For the past several months, President Barack Obama has been pushing for a new rating system for colleges that, among other things, would judge schools on performance, including the success of their graduates.
While political pundits debate what that means, a pair of California State University, Northridge faculty members in the College of Business and Economics have developed what they believe is a fair way of measuring the success of college graduates using state employment and tax data to track how much alumni earn one year, five years and even 10 years after they graduate from an institution. Their method takes into account students who drop out or transfer to another institution, and tracks the success of students who go on to graduate school.
“It’s clear from all the talk that the public really cares about outcomes in higher education,” said management professor Richard Moore, who teamed with economics professor Kenneth Chapman on the project. “If we don’t create a valid measure, then we in higher education are going to have something imposed on us.”
Moore, Chapman and Bettina Huber, CSUN’s director of institutional research, established five guiding principles they believed would create an effective, non-biased way of assessing the success of an institution’s students:
- follow all matriculated students over time; use standard data sources available in every state, such as employment records and tax rolls;
- create standard, easy to understand labor market measures;
- break down the data to the campus and program level; and
- make the results publicly available.
Their model was published in a policy paper by the Center for Studies in Higher Education at UC Berkeley.
Chapman said their study not only measures the success of those who graduate from an institution, but also tracks the outcomes for anyone who “had contact with the university, whether they graduated or not.”
That data, the team argues, provides a more comprehensive picture of how higher education, even for those who drop out of college or never complete their graduate degrees, economically impacts a state.
“Other states that have done similar studies only look at those who actually graduate,” Moore said. “Nationally, only about 50 to 60 percent who start college finish. If you want to get a complete picture of the impact of higher education, you have to look at everyone who comes in contact with higher ed, not just those who graduate.”
Chapman and Moore said their method for measuring the success of a college’s students could provide students, and their parents, a valuable tool as they weigh college costs and offerings when deciding where to go to college. It even offers a glimpse at industry hiring trends.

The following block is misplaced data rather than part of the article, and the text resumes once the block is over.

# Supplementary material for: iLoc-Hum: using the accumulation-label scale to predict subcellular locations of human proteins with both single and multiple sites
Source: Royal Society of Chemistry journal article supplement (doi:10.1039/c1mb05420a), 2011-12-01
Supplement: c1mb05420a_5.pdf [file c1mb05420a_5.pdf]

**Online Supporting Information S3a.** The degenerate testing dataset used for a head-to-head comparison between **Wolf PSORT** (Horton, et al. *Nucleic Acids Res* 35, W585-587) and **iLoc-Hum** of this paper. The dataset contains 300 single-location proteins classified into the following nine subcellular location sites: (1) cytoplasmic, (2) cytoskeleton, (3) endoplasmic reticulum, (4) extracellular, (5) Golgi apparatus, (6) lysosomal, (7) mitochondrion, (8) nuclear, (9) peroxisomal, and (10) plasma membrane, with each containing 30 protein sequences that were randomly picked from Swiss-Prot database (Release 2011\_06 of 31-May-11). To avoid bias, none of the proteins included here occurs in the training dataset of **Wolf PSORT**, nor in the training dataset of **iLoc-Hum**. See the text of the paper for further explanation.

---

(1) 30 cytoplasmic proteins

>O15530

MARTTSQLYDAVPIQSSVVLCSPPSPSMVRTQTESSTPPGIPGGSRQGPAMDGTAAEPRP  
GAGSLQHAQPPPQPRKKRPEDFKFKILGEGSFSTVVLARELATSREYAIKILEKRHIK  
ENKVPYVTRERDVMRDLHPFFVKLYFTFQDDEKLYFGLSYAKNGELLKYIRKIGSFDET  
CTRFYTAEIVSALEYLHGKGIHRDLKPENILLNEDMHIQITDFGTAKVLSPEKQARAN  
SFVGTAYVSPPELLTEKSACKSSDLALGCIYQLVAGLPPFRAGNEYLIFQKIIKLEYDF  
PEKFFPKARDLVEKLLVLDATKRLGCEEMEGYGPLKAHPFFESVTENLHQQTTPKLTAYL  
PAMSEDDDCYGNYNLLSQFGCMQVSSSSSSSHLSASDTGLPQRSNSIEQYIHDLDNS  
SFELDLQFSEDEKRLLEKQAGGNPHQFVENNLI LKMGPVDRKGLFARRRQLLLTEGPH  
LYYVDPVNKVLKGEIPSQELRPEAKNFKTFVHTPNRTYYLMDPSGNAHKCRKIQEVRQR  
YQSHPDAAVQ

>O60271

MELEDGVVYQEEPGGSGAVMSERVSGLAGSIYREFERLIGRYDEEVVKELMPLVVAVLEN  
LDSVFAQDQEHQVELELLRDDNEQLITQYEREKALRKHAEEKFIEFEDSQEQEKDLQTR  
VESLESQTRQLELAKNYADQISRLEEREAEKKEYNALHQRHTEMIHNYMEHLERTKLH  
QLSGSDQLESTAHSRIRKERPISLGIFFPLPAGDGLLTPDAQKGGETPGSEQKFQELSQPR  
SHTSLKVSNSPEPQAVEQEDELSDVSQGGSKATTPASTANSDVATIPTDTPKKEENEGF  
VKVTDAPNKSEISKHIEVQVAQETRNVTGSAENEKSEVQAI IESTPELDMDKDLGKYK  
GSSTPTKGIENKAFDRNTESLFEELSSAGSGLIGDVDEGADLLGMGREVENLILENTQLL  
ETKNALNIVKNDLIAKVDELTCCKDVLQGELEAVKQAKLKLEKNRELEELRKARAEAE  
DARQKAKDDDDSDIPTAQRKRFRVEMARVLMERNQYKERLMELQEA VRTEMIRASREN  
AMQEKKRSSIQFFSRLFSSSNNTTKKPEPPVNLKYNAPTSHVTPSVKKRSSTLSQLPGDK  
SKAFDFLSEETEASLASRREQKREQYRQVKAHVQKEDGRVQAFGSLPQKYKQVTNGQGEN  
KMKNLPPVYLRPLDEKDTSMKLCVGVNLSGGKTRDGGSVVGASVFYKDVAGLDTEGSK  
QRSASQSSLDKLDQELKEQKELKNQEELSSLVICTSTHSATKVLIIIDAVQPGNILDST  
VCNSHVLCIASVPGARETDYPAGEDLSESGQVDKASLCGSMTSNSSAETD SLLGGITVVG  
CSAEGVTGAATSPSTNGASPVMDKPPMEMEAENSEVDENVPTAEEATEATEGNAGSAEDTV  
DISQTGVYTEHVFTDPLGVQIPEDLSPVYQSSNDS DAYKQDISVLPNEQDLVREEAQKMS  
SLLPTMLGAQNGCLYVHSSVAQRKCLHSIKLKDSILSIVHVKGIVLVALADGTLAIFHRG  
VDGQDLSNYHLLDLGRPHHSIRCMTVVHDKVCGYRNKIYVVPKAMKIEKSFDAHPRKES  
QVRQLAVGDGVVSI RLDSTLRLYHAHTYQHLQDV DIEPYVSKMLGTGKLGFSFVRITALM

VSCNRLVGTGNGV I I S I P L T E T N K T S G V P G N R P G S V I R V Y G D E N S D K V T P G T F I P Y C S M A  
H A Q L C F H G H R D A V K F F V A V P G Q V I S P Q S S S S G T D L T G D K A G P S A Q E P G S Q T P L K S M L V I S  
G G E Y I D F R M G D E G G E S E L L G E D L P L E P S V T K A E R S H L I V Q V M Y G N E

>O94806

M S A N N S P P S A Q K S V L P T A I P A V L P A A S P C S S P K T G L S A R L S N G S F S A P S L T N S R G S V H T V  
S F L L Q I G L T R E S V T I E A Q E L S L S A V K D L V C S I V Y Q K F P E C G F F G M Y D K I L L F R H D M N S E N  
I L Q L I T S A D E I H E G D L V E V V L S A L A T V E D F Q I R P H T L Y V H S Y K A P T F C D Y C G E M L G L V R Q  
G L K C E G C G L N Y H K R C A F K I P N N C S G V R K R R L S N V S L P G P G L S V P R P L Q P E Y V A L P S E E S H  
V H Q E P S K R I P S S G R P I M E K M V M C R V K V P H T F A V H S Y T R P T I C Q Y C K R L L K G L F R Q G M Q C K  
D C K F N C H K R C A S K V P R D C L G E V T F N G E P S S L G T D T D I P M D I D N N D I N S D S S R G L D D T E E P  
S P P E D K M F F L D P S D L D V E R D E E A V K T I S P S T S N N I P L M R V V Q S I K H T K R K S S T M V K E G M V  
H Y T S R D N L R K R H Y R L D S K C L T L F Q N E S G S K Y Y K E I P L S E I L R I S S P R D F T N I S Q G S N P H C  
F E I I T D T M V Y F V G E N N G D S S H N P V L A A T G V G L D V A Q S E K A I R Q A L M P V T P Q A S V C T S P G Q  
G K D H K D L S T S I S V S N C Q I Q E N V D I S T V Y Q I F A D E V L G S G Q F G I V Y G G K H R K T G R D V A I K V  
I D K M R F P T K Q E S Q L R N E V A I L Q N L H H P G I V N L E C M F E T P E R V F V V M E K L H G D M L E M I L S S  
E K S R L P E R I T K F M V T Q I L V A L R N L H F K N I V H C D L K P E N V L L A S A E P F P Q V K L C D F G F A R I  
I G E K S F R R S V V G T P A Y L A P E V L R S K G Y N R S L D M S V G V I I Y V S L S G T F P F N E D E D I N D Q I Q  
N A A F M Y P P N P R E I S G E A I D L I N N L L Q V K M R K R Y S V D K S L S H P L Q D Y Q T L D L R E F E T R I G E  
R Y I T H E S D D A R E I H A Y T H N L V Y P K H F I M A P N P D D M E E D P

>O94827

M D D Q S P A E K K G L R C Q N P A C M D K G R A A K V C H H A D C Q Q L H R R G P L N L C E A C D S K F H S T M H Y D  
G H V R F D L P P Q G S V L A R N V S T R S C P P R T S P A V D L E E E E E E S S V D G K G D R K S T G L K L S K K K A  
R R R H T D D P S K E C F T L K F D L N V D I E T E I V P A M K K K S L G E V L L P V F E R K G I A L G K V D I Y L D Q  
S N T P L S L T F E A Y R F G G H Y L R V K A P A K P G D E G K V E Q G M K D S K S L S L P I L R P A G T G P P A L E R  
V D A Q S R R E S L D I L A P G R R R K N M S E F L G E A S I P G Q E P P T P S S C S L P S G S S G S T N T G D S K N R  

Moore and Chapman used their method to measure the success of CSUN students.
Working with the university’s Office of Institutional Research, they collected the records for all entering students, including first-time freshmen and transfer and post-baccalaureate students, for the years 1995 to 2000. They got information for a total of 44,437 students.
“That information allowed us to trace all students who graduated from the university, as well as those who left before they graduated, whether because they dropped out or left to go to another school,” Moore said.
The pair then compared that information to data, including unemployment and salary records, compiled by California’s Employment Development Department to track the employment and earnings of the students, who have left the university, as graduates, transfers to other institutions or dropouts. While the state records did not include people who moved out of state or dropped out of the labor market, they do have data for a substantial number of the people who enrolled as CSUN students from 1995 to 2000. Using that information, Moore and Chapman were able to assess the labor market outcomes for about 70 percent of those CSUN students in all eight of the university’s academic colleges down to individual academic departments.
They found that one year after graduating with a bachelor’s degree, the average annual salary of a CSUN alumnus was about $32,000, compared to only about $24,600 for a student who dropped out. Five years after graduation, the average annual salary was nearly $49,000. For those who completed graduate degrees, the average annual salary was more than $56,000 the first year out and more than $68,000 five years out. Moore and Chapman expect to have the salary earnings data for 10 years after leaving higher education completed by the end of this year.
“There’s a lot of talk out there about who graduates and who doesn’t and how successful they are,” Huber said. “What this study does is take a look at who graduates, who doesn’t and what happens after they leave college, in great detail. A lot of campuses would kill to have this much data about what is going on with their own students.”
The results of their study of the CSUN students can be found on the university’s Office Institutional Research website in the “CSUN By The Numbers” link under Alumni Earnings.
“People are asking what are were trying to accomplish in higher education? The answers include a richer life, better citizenship, economic status,” Moore said. “But how do you measure that? If I could go to every graduate and ask ‘can you read a book critically?’ that’s a good indicator. I think voting is a great indicator. I think leadership in the community is a great indicator. But there are no data bases for those kind of things. There is one set of information that we can get, and that’s economic data. So, we’re starting there. I’m not saying the other things aren’t important, they are, but this is one area that we can measure.
“If they are going to make us do this (measure graduate success), then let’s do it right,” he said.
Chapman added, “The goal is to have honest numbers and numbers that people can understand intuitively. And we have to have numbers that mean something.”